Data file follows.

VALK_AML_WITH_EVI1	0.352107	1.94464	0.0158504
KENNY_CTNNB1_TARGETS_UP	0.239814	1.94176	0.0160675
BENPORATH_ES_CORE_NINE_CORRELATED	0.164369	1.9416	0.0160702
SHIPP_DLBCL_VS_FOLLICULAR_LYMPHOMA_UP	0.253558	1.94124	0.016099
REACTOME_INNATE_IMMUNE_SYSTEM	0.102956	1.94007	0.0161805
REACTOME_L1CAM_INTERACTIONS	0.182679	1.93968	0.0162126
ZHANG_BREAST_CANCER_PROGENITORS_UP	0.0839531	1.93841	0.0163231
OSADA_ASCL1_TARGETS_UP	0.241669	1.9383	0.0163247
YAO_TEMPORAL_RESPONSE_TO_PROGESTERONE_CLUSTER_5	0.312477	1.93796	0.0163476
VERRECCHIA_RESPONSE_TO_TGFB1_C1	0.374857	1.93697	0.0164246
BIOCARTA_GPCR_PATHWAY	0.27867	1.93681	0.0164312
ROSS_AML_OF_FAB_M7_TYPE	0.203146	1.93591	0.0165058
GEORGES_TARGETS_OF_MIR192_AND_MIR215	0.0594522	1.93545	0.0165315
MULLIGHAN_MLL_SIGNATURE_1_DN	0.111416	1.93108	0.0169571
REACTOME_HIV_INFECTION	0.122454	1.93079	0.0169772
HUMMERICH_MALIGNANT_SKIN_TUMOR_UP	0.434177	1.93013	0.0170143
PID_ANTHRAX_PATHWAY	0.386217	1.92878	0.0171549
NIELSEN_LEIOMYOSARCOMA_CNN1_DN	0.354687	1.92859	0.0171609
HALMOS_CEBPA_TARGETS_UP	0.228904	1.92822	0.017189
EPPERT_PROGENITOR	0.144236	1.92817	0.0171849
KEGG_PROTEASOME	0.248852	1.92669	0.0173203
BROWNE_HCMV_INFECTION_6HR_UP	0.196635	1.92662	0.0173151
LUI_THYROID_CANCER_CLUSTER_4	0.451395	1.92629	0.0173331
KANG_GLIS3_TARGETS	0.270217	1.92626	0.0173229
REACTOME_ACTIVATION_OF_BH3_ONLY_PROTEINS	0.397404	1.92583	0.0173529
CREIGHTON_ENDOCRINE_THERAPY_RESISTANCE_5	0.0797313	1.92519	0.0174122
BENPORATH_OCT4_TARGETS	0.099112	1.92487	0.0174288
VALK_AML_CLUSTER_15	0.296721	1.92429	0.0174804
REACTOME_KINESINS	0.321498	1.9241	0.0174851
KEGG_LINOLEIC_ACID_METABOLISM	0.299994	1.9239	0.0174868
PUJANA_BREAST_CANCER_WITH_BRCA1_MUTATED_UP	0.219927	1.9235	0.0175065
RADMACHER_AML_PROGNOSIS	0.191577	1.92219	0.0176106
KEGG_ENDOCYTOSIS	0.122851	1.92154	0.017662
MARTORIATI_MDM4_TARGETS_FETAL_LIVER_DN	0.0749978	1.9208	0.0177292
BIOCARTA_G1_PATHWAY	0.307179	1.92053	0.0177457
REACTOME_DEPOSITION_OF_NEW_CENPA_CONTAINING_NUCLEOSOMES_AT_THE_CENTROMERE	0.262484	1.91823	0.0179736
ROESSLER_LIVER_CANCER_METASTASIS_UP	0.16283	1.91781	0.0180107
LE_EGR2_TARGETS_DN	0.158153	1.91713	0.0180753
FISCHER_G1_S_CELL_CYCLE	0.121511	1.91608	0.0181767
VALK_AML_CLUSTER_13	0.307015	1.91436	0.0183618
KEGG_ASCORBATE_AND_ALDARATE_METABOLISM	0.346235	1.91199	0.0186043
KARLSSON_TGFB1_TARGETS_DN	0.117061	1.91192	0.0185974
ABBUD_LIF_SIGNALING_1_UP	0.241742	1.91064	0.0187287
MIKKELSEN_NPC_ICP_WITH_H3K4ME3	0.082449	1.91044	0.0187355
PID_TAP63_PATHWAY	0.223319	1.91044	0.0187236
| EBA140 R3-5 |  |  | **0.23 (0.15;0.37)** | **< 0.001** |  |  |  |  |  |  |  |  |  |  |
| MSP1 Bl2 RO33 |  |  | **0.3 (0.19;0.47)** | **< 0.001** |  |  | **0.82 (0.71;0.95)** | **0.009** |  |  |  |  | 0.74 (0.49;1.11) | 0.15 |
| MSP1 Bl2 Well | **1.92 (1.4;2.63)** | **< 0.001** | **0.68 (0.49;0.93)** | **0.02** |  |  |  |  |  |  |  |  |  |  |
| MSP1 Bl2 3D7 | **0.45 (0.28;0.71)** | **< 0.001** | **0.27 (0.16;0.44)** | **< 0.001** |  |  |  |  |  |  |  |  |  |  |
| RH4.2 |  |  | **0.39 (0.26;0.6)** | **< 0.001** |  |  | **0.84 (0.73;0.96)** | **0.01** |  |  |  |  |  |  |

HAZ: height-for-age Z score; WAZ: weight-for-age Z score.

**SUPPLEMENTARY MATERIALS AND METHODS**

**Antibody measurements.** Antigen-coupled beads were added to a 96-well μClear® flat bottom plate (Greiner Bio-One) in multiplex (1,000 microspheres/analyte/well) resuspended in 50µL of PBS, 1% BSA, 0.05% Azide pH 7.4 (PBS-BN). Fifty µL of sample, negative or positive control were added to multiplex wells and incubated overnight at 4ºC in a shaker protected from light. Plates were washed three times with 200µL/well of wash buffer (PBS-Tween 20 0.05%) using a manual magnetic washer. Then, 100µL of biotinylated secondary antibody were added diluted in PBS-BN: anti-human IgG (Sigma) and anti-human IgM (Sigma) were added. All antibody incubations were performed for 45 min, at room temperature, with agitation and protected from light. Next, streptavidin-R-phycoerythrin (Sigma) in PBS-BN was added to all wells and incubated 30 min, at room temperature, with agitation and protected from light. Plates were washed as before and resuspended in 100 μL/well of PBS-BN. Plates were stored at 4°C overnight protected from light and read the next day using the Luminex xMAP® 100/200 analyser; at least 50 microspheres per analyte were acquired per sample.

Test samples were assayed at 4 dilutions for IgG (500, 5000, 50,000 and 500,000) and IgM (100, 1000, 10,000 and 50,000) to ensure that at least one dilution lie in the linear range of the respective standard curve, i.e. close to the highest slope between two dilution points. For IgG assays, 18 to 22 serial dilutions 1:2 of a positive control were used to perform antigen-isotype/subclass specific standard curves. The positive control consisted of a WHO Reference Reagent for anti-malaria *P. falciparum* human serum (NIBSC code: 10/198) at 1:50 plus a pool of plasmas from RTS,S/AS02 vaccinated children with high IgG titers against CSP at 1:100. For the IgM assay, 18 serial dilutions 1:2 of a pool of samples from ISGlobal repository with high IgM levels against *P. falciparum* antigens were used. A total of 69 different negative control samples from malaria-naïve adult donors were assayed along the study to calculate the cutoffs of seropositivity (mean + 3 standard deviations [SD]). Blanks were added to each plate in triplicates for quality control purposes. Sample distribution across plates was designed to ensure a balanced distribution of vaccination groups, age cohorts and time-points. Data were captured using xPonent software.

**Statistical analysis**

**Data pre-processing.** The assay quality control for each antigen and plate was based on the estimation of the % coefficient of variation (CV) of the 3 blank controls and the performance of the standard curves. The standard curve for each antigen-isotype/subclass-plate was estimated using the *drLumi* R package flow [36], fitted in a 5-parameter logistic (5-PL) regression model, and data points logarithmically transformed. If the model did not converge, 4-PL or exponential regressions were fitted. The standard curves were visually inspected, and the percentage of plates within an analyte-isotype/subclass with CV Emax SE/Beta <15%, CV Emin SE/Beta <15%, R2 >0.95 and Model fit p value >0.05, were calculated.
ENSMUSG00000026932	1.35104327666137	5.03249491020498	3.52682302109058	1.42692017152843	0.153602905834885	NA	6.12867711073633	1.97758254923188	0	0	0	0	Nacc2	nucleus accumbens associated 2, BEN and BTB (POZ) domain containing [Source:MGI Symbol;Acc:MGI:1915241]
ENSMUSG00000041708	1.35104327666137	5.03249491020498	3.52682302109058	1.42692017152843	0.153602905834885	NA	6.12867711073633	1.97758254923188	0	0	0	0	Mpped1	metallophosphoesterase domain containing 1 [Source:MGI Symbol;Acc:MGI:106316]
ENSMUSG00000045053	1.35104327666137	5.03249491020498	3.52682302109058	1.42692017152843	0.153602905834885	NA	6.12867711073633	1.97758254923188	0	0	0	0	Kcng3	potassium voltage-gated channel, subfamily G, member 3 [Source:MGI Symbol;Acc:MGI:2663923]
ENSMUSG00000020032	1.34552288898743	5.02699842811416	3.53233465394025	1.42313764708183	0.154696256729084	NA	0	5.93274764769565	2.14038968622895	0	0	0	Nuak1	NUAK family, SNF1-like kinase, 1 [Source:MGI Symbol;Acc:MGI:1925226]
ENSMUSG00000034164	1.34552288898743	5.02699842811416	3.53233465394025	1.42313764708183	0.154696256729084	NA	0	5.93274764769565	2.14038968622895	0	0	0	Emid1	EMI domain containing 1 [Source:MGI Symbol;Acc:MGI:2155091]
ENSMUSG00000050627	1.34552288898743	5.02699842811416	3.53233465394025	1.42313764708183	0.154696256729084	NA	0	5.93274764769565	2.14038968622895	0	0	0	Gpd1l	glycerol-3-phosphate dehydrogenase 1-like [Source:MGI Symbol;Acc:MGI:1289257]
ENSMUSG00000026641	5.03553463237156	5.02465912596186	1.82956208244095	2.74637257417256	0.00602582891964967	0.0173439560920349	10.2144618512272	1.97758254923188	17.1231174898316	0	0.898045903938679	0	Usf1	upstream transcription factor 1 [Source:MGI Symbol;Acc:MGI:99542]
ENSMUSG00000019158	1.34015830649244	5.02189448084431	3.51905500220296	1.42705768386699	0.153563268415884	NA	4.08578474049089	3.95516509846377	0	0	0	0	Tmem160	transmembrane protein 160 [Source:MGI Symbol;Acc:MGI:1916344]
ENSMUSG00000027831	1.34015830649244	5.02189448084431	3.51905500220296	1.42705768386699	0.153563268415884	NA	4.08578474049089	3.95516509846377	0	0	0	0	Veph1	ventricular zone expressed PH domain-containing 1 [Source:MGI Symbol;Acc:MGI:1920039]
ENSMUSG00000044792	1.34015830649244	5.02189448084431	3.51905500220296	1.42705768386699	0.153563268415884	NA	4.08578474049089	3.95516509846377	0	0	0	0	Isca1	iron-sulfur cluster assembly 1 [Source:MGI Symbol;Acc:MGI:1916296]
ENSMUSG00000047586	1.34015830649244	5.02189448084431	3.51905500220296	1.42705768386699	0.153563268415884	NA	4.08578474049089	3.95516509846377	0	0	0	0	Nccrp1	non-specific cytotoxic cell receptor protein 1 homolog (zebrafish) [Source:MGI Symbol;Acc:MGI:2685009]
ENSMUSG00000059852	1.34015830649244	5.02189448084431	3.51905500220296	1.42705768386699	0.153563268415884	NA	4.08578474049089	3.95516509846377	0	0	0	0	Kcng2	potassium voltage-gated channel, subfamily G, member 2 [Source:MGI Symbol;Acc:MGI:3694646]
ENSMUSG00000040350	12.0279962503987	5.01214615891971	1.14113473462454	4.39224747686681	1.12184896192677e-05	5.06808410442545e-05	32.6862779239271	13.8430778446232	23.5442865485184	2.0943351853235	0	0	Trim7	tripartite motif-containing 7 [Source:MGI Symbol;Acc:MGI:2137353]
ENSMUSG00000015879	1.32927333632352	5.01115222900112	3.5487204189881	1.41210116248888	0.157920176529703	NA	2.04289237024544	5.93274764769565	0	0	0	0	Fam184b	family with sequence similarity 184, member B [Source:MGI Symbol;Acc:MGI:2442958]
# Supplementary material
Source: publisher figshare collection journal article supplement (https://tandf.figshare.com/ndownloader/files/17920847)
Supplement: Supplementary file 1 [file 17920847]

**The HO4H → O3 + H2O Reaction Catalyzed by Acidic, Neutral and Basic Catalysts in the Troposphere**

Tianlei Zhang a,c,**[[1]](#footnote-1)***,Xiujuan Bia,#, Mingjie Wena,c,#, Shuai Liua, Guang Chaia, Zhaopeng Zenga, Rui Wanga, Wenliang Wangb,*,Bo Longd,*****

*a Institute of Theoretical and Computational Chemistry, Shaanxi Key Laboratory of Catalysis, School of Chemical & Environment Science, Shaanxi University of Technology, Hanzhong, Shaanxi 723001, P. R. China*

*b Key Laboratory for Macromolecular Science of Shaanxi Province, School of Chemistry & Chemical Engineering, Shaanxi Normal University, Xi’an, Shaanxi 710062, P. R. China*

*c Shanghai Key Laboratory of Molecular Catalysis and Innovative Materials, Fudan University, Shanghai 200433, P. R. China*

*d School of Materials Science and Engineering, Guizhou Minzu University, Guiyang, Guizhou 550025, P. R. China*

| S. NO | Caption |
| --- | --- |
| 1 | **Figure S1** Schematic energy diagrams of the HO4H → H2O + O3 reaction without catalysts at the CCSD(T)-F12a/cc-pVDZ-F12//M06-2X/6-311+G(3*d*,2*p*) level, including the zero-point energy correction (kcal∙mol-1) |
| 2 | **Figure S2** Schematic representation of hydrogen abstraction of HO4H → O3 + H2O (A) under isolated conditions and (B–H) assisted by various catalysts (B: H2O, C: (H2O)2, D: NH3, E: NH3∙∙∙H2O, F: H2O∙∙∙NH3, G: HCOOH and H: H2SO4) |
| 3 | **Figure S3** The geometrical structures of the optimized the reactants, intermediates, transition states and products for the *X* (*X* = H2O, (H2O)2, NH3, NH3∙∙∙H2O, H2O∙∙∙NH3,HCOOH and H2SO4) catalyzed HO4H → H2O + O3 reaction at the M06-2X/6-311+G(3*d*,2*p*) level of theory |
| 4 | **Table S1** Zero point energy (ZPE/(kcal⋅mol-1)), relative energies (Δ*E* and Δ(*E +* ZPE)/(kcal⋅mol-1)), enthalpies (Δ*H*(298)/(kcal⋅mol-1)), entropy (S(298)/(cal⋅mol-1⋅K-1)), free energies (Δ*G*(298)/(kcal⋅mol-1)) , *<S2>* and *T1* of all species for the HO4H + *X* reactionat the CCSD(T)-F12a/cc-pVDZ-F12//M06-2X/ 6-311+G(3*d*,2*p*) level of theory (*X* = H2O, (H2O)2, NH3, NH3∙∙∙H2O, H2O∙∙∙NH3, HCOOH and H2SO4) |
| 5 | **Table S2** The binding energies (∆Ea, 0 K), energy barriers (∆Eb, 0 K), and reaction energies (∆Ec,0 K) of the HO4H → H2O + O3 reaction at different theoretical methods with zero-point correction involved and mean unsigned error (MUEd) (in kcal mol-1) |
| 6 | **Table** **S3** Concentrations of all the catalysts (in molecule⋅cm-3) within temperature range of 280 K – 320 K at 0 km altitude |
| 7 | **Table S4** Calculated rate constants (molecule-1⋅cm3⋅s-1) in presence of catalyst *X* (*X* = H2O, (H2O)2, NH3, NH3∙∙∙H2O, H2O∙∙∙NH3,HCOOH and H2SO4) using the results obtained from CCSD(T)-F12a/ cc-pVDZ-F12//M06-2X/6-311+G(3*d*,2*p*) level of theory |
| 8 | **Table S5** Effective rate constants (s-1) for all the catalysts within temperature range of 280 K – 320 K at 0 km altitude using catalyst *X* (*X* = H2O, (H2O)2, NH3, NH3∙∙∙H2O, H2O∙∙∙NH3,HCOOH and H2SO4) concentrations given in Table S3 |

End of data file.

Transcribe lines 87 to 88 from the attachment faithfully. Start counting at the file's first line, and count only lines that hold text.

| 6 | **Table** **S3** Concentrations of all the catalysts (in molecule⋅cm-3) within temperature range of 280 K – 320 K at 0 km altitude |
| 7 | **Table S4** Calculated rate constants (molecule-1⋅cm3⋅s-1) in presence of catalyst *X* (*X* = H2O, (H2O)2, NH3, NH3∙∙∙H2O, H2O∙∙∙NH3,HCOOH and H2SO4) using the results obtained from CCSD(T)-F12a/ cc-pVDZ-F12//M06-2X/6-311+G(3*d*,2*p*) level of theory |